Talk to me in January he says. In the last ECB meeting of 2014 where expectations were high that the Euro-area would finally emerge from the doldrums, the President of the multi-national monetary body moved only his mouth – not the needle of balance sheet growth. Perhaps hopeful that the raft of measures announced earlier this year will get some more take up, the discussion session following the decision pushed expectations once again to the next meeting. In one report, we read that esteemed policy maker got a little testy with the question of whether QE is within the ECB mandate. Answering tersely, he said that they would not be talking about it if it were not and that what would be illegal is not pursuing their stated price goals. We can understand that answering the same question over and over must be frustrating, but so is waiting for the action that shows conclusively that the question is not necessary.
Meanwhile, the US job report on Friday demonstrates yet again that the path to recovery is there. For the first time since the start of the recession, payrolls increased over 300k when the unemployment rate was below 6%. In addition, evidence of further wage growth shows pricing power in the labor market that will underpin consumption. Yields on the US 10yr “jumped” 7 basis points on the news as one would expect but remains at a rather anemic 2.3% – hovering not far over inflation. It seems the bond market continues to believe “lower for longer” for the moment – at least until wage pressure trickles through the cost of all goods.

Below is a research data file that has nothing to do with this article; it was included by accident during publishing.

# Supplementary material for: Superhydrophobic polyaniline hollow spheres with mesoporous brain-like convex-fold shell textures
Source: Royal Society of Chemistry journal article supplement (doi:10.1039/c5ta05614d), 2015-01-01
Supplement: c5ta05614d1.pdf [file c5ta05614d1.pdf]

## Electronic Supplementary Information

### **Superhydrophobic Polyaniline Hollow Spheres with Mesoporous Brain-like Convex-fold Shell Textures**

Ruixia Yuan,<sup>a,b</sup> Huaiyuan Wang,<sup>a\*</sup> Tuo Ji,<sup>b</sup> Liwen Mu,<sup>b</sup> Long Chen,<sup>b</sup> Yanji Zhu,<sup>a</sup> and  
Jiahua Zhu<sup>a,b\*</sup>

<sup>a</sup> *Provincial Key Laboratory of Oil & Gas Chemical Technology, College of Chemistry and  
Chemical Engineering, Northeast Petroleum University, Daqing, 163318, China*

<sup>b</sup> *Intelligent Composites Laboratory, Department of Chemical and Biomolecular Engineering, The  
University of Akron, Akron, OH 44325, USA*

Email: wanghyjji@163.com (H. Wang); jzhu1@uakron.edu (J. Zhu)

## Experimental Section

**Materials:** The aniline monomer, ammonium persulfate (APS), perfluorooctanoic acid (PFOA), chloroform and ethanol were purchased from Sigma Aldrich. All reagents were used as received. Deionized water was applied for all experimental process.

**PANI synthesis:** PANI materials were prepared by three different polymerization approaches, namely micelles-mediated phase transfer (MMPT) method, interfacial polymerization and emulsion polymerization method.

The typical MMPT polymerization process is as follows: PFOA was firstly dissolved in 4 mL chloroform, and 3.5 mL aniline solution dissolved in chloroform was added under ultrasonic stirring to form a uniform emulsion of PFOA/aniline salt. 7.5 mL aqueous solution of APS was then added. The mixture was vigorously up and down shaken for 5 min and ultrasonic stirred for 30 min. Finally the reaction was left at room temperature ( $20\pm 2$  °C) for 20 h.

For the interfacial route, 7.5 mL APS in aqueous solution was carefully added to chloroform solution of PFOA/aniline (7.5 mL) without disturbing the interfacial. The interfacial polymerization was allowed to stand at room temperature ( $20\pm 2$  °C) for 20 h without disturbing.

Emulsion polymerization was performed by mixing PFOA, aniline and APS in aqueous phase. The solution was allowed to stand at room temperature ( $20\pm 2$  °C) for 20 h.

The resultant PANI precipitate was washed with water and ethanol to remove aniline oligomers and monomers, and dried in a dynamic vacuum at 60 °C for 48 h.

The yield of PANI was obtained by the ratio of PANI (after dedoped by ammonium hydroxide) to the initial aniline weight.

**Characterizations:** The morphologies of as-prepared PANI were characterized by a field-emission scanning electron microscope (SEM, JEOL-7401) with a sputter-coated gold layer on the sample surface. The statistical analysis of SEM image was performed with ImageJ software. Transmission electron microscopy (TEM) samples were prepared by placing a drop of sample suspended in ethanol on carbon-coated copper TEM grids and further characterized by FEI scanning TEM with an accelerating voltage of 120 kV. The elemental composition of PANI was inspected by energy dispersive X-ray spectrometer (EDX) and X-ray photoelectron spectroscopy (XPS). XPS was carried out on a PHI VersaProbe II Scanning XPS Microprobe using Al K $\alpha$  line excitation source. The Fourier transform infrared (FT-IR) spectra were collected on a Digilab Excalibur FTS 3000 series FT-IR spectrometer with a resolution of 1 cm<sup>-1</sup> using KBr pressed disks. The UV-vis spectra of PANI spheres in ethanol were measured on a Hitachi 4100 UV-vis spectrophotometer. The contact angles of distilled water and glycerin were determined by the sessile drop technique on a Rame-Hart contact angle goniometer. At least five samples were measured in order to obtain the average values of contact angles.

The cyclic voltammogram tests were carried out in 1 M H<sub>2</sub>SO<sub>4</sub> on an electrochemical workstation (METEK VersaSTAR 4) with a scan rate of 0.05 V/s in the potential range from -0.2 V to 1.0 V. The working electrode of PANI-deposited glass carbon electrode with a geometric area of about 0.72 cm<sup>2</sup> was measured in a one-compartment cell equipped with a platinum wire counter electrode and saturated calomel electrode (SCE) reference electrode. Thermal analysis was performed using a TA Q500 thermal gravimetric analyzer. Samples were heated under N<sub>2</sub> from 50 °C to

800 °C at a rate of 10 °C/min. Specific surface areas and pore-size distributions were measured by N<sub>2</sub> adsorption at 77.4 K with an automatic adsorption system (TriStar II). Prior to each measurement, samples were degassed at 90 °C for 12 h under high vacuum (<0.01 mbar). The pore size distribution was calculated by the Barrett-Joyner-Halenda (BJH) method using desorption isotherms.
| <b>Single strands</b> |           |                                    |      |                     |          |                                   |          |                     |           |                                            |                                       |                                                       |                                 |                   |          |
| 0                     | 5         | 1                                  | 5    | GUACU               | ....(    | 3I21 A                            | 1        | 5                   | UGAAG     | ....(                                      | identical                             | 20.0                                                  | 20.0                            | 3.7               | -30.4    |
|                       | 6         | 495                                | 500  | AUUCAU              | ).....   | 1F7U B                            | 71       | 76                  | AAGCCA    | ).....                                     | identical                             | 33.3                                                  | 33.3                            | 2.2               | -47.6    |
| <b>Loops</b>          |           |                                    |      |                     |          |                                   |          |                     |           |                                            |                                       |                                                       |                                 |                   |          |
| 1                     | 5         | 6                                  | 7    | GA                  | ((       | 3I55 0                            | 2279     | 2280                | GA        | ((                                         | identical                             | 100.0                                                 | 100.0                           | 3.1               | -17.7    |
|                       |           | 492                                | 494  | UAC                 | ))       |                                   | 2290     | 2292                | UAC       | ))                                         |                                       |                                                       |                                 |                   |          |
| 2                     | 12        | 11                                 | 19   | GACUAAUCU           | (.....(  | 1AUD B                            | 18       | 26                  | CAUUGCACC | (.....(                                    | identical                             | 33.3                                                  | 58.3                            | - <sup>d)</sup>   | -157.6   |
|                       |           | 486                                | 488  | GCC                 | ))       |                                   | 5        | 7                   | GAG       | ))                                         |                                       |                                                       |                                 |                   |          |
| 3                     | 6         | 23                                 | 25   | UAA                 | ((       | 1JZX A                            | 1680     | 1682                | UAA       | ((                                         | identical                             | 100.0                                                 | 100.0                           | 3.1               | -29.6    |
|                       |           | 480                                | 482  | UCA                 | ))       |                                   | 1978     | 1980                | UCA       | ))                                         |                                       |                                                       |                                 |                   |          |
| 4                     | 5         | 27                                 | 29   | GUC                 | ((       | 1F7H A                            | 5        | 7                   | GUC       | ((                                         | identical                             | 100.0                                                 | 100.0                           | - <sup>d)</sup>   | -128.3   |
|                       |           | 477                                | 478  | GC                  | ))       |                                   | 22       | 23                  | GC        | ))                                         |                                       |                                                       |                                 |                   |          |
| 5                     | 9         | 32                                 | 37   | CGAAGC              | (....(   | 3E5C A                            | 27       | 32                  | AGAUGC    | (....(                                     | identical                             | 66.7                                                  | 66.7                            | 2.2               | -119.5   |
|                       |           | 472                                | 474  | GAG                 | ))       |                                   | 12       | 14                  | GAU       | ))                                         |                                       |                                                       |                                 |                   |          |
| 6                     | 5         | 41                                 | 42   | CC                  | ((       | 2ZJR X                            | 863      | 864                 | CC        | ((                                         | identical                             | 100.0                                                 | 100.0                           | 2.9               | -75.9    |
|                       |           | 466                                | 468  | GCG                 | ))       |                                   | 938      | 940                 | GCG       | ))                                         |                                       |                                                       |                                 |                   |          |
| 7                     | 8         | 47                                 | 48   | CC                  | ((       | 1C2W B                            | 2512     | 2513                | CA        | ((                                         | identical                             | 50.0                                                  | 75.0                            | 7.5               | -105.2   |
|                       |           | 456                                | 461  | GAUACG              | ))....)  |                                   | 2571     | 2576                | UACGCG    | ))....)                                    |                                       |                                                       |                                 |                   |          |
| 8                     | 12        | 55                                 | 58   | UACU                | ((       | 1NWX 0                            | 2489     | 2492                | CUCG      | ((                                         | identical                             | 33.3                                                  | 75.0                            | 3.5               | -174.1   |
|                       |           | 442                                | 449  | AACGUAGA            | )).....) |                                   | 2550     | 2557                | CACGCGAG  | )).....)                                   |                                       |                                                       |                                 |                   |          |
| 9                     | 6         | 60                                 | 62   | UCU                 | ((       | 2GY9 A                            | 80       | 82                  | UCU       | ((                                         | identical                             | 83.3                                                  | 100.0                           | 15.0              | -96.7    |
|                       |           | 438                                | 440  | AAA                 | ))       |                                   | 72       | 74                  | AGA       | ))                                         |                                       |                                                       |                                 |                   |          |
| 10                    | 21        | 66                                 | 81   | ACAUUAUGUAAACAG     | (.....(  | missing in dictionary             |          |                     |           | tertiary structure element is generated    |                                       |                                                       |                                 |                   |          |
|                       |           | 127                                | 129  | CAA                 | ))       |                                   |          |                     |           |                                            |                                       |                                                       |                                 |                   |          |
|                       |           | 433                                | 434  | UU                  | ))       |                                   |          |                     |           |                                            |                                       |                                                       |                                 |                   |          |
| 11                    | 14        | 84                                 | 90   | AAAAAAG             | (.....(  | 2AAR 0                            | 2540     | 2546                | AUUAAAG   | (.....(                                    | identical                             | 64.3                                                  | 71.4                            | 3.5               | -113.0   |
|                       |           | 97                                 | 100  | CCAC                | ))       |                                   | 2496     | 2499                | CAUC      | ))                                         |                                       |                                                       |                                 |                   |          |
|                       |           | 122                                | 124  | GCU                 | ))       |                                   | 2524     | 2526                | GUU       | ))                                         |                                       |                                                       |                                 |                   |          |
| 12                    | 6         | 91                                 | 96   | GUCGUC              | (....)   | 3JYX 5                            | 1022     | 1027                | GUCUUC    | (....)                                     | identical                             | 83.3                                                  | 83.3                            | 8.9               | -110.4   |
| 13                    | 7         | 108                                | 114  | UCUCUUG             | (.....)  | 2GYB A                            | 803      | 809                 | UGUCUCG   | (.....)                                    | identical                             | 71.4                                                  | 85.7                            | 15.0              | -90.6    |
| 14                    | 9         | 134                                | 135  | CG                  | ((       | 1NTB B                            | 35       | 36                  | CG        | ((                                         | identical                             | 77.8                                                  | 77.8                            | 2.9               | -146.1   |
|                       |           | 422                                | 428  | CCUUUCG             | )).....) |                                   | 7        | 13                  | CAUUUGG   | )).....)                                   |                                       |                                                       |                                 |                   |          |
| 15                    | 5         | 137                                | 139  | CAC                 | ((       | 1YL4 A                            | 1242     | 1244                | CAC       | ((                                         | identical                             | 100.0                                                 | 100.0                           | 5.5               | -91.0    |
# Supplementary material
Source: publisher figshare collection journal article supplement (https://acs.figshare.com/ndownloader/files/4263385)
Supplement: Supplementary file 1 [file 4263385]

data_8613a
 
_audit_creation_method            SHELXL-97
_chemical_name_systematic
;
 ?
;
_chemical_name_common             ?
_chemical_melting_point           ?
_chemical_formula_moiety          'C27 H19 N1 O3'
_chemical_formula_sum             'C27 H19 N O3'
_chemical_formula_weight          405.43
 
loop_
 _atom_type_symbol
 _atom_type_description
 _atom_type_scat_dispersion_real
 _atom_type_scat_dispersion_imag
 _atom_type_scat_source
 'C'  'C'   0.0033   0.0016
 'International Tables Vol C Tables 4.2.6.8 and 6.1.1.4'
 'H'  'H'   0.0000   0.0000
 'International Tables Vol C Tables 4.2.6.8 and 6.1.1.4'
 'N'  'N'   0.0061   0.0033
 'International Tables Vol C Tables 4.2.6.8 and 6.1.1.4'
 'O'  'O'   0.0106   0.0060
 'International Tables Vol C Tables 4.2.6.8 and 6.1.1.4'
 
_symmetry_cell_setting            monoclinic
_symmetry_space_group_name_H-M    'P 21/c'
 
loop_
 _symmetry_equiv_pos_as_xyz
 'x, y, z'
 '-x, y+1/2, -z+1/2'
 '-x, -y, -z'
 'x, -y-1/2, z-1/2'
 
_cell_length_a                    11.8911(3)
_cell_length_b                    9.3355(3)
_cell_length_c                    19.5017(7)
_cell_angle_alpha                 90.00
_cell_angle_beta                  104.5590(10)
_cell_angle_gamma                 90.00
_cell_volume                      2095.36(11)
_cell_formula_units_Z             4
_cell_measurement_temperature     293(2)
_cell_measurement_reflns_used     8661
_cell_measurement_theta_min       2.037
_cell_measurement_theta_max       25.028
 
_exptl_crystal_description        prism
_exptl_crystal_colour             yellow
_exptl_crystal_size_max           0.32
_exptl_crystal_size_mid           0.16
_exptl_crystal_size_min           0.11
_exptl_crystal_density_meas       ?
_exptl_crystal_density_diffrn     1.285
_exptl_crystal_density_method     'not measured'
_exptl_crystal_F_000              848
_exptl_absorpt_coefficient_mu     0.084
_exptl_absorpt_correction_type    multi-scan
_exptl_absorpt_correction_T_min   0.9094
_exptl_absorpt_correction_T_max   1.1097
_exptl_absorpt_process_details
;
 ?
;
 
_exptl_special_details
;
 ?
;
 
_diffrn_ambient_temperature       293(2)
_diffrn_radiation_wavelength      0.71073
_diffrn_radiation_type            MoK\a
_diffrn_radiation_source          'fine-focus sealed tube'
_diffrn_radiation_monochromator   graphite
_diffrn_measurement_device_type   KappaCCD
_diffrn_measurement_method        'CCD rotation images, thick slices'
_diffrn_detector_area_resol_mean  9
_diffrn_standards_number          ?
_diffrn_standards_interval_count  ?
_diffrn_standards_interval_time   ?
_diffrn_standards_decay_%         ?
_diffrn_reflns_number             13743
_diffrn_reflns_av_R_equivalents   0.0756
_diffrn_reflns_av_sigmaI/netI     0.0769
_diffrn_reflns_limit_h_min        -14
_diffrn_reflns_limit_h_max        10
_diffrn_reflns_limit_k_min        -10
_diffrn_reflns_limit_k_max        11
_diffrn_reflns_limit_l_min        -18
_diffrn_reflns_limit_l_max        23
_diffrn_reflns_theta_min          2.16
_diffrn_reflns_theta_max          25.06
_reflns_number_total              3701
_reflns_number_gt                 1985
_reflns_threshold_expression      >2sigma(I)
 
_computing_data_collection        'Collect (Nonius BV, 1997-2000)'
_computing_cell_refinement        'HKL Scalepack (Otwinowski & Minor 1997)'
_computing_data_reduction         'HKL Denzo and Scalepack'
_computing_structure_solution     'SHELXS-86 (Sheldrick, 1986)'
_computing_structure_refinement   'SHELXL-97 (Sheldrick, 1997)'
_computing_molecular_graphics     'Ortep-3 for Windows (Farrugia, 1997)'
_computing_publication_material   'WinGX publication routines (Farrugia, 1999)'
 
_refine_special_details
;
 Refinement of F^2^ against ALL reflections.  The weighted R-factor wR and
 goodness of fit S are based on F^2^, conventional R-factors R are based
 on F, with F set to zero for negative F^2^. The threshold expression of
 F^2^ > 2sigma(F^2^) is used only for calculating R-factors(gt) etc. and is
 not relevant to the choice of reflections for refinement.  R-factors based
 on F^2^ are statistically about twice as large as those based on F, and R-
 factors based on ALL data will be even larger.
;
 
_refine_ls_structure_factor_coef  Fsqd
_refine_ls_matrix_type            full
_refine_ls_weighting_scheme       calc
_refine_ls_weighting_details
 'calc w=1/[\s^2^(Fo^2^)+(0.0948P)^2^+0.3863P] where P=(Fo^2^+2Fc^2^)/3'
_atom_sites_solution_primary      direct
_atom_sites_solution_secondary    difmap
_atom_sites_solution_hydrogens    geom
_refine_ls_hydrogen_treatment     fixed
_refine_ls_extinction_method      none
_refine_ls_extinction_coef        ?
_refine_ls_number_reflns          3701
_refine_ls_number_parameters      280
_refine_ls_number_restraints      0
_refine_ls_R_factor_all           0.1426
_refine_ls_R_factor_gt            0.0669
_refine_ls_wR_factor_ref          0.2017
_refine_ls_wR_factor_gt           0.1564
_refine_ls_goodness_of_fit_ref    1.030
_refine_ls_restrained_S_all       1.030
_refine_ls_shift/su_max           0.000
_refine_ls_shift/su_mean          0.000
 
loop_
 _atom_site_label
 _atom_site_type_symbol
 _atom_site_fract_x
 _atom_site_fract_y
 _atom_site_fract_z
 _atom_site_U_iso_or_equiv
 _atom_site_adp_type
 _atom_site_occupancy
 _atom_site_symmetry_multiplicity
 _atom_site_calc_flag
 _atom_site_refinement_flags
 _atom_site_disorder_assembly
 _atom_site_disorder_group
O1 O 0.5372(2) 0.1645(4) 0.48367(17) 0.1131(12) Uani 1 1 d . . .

One week does not a trend make, but oil prices generally stayed in the $65 to $70 range these past five days. Stabilization of the commodity price is the first step to stabilizing sentiment. In the recent past, we have focused our investment capital in areas that seek to invest in companies that would benefit from low energy prices as well as companies positioned for supporting increasing volumes of production. What occurred over a relatively short-time horizon is a decline in energy prices (oil in particular) that has been swift enough to cause the market to become unsettled in their outlook for the future. Said a different way, it is completely logical that a growing supply (increasing volumes) would lower prices over time. However, the pace by which prices fell has caused some concern that decisions by drillers will stop the growth of volume. In response, some areas like railroads and refiners have done well but there are others that have not fared as well such as some chemical companies that export products priced based on Brent. As the oil market seeks to test producers at lower prices, we think many traders are selling indiscriminately. We have done a lot of work in the past week to reconfirm our thesis and continue to believe the that the fundamentals for increasing US energy production are sound in the long, albeit at a slower pace in the near-term. While it is likely that the market will remain skittish as news headlines on capital expenditure cuts come out over the several weeks, the stabilization of the commodity price will bring fundamental analysis back to the fold of investors and they will continue to see the US growth story.